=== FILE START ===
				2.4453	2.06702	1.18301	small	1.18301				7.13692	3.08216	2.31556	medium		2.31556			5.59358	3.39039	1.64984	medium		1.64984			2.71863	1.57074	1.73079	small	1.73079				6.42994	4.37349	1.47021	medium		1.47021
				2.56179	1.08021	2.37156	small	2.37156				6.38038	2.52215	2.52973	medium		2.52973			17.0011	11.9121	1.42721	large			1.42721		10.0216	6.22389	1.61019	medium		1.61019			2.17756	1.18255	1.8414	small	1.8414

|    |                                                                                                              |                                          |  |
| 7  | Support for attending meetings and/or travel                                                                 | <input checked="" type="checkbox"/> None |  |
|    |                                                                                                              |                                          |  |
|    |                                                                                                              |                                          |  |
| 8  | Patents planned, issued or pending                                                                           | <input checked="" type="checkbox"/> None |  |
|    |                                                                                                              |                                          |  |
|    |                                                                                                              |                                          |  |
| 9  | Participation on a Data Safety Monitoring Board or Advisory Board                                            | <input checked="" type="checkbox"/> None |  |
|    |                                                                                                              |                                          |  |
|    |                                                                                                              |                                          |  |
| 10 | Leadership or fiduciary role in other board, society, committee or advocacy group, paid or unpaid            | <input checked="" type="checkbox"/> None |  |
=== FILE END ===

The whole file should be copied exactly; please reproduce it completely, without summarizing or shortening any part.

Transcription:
				2.4453	2.06702	1.18301	small	1.18301				7.13692	3.08216	2.31556	medium		2.31556			5.59358	3.39039	1.64984	medium		1.64984			2.71863	1.57074	1.73079	small	1.73079				6.42994	4.37349	1.47021	medium		1.47021
				2.56179	1.08021	2.37156	small	2.37156				6.38038	2.52215	2.52973	medium		2.52973			17.0011	11.9121	1.42721	large			1.42721		10.0216	6.22389	1.61019	medium		1.61019			2.17756	1.18255	1.8414	small	1.8414

|    |                                                                                                              |                                          |  |
| 7  | Support for attending meetings and/or travel                                                                 | <input checked="" type="checkbox"/> None |  |
|    |                                                                                                              |                                          |  |
|    |                                                                                                              |                                          |  |
| 8  | Patents planned, issued or pending                                                                           | <input checked="" type="checkbox"/> None |  |
|    |                                                                                                              |                                          |  |
|    |                                                                                                              |                                          |  |
| 9  | Participation on a Data Safety Monitoring Board or Advisory Board                                            | <input checked="" type="checkbox"/> None |  |
|    |                                                                                                              |                                          |  |
|    |                                                                                                              |                                          |  |
| 10 | Leadership or fiduciary role in other board, society, committee or advocacy group, paid or unpaid            | <input checked="" type="checkbox"/> None |  |